gastrointestinal disturbances, and back pain are less frequent.
Complications of ovarian teratomas include torsion, rupture,
infection, hemolytic anemia, and malignant degeneration. These
mature teratomas are removed by simple cystectomy and in
its entirety. If immature elements are found the patient should
undergo a standard staging procedure (5,6).
Mediastinal teratomas are also often asymptomatic occasionally
discovered incidentally on chest radiograph (9), as had happen in
our case. When symptoms are present, they relate to mechanical
effects including chest pain, cough, dyspnea, or symptoms related
to recurrent pneumonitis. They are cured by surgical resection
alone as they do not have the metastatic potential as observed in
gonadal teratoma (9,10). Complete resection results in long term
cure with little chance of recurrence.
Disclosure: The authors declare that they have no conflicts of interest
with respect to the authorship and/or publication of this article.
1. Kumar V, Abbas AK, Fausto N. Robbins and cotran pathologic basis of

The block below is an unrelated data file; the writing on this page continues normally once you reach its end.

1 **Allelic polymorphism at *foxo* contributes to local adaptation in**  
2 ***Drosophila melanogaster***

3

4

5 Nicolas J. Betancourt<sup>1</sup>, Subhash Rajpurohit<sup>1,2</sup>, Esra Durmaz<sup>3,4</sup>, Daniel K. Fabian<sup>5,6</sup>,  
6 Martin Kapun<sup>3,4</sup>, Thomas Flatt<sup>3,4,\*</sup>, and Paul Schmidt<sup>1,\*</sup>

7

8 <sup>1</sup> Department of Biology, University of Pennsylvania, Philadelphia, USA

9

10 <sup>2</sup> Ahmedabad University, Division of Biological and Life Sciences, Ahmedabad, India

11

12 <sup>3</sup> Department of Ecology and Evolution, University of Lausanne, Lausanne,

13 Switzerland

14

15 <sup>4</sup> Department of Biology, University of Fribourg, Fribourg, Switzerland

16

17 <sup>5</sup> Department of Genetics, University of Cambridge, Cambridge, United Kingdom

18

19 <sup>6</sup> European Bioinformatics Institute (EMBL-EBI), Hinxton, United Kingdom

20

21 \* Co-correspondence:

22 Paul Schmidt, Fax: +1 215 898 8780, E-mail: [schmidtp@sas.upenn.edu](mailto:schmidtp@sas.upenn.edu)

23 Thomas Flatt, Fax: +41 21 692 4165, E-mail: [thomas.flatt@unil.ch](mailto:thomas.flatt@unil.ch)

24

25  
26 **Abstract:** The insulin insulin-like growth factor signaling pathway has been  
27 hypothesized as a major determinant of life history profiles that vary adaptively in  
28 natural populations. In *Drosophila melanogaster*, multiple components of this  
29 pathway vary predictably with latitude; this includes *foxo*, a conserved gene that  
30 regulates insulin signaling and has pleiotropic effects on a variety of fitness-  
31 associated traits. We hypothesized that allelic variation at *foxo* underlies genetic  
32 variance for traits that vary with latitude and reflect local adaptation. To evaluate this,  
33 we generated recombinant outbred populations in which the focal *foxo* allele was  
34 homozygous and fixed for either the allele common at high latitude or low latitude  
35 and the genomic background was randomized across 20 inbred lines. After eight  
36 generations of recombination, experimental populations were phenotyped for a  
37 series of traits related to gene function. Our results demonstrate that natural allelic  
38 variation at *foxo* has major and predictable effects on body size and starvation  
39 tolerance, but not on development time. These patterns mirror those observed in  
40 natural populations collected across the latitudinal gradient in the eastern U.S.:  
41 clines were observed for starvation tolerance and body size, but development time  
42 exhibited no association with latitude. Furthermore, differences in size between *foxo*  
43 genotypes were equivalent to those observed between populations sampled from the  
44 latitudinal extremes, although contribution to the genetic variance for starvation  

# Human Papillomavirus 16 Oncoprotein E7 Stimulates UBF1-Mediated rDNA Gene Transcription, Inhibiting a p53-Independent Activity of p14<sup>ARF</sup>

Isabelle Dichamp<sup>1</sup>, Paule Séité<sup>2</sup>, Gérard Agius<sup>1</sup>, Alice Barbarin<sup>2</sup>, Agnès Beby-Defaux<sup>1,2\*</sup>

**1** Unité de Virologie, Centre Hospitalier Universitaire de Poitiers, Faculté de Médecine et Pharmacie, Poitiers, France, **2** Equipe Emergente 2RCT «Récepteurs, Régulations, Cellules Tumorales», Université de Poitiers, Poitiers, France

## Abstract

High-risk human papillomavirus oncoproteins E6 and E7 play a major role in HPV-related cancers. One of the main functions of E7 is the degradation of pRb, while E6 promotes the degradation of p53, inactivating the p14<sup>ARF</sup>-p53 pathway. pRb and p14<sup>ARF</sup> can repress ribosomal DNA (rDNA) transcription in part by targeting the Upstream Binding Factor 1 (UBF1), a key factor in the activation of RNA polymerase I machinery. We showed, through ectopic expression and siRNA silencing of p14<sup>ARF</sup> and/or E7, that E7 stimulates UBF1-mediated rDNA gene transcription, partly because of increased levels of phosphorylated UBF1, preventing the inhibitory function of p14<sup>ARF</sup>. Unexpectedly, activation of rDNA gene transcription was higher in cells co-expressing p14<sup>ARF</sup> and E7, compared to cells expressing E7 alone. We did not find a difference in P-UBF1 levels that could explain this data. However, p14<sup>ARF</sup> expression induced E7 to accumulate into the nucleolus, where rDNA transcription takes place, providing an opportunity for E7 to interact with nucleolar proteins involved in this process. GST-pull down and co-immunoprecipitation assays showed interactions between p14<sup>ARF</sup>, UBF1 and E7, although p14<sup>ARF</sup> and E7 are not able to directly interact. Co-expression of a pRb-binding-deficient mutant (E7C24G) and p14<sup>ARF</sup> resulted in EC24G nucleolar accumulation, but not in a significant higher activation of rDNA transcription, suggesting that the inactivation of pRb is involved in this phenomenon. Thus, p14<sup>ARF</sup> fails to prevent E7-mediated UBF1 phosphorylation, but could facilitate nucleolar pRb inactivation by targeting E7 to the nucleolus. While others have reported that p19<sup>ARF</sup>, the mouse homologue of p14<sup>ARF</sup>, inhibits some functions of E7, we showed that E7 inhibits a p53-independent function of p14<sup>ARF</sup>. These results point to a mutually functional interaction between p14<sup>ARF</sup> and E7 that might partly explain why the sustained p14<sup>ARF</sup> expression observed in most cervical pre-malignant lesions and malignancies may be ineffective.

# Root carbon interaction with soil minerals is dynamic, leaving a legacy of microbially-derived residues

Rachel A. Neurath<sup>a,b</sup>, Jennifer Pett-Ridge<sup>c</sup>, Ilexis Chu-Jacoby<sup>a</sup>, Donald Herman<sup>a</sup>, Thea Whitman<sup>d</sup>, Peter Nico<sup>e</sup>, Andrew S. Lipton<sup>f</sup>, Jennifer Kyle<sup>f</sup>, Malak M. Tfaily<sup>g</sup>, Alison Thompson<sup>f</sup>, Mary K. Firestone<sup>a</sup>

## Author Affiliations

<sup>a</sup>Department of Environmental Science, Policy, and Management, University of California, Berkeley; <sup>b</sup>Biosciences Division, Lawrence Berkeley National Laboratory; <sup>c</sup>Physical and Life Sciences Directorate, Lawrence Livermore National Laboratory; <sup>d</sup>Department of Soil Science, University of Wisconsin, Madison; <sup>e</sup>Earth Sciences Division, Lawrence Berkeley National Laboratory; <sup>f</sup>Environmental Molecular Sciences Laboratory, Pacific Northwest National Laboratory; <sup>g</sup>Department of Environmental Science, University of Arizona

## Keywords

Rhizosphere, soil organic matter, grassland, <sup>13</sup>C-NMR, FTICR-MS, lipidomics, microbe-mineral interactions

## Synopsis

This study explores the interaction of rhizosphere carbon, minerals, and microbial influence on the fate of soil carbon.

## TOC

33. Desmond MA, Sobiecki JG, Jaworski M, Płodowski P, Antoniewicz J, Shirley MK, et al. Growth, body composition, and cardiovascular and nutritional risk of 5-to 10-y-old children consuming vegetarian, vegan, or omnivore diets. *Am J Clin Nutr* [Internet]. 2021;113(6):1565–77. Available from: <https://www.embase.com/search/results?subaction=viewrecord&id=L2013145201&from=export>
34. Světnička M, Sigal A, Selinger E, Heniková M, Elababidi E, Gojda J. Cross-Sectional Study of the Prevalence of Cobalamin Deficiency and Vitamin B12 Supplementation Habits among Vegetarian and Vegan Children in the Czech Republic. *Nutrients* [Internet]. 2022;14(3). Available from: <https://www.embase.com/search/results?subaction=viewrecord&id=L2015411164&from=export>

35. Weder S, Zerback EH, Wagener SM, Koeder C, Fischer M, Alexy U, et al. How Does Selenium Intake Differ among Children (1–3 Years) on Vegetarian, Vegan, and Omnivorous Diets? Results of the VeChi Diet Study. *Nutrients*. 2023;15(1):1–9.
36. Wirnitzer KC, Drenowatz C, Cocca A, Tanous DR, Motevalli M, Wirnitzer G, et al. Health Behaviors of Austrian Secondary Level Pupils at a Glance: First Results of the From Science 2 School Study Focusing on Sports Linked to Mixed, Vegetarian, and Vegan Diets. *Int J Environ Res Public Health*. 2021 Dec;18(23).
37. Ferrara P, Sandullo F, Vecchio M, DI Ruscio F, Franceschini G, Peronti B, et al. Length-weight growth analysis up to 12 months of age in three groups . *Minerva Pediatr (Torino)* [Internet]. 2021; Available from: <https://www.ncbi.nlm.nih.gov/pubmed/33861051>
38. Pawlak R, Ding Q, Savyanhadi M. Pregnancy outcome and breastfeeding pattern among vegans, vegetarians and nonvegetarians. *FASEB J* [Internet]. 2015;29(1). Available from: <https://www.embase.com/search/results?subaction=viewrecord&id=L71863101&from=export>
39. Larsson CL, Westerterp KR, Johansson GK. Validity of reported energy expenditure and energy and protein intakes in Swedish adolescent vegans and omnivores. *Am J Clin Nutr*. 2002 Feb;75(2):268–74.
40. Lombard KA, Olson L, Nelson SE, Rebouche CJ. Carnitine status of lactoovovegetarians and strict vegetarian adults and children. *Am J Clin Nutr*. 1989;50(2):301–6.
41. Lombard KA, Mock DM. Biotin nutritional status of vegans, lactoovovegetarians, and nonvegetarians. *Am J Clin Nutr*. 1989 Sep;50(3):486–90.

disease. 7th ed. Philadelphia: Elsevier Saunders;2005.
Comerci JT Jr, Licciardi F, Bergh PA, et al. Mature cystic teratoma: a
clinicopathologic evaluation of 517 cases and review of the literature.
Obstet Gynecol 1994;84:22-8.
Driss M, Limaiem F, Mrad K, et al. Malignant degeneration of benign
cystic teratoma of the ovary with synchronous mediastinal teratoma. A case
report. Rev Med Interne 2009;30:369-71.
Gonzalez-Crussi F. Extragonadal Teratomas. In: Atlas of Tumor Pathology,
Second Series, Fascicle 18. Washington, DC: Armed Forces Institute of
Stany MP, Hamilton CA. Benign disorders of the ovary. Obstet Gynecol
Clin North Am 2008;35:271-84.
Templeman CL, Fallat ME, Lam AM, et al. Managing mature cystic
teratomas of the ovary. Obstet Gynecol Surv 2000;55:738-45.
Lewis BD, Hurt RD, Payne WS, et al. Benign teratomas of the mediastinum.
J Thorac Cardiovasc Surg 1983;86:727-31.
Outwater EK, Siegelman ES, Hunt JL. Ovarian teratomas: tumor types and
imaging characteristics. Radiographics 2001;21:475-90.
Moran CA, Suster S. Primary germ cell tumors of the mediastinum: I.
Analysis of 322 cases with special emphasis on teratomatous lesions and
a proposal for histopathologic classification and clinical staging. Cancer
10. Dulmet EM, Macchiarini P, Suc B, et al. Germ cell tumors of the
mediastinum. A 30-year experience. Cancer 1993;72:1894-901.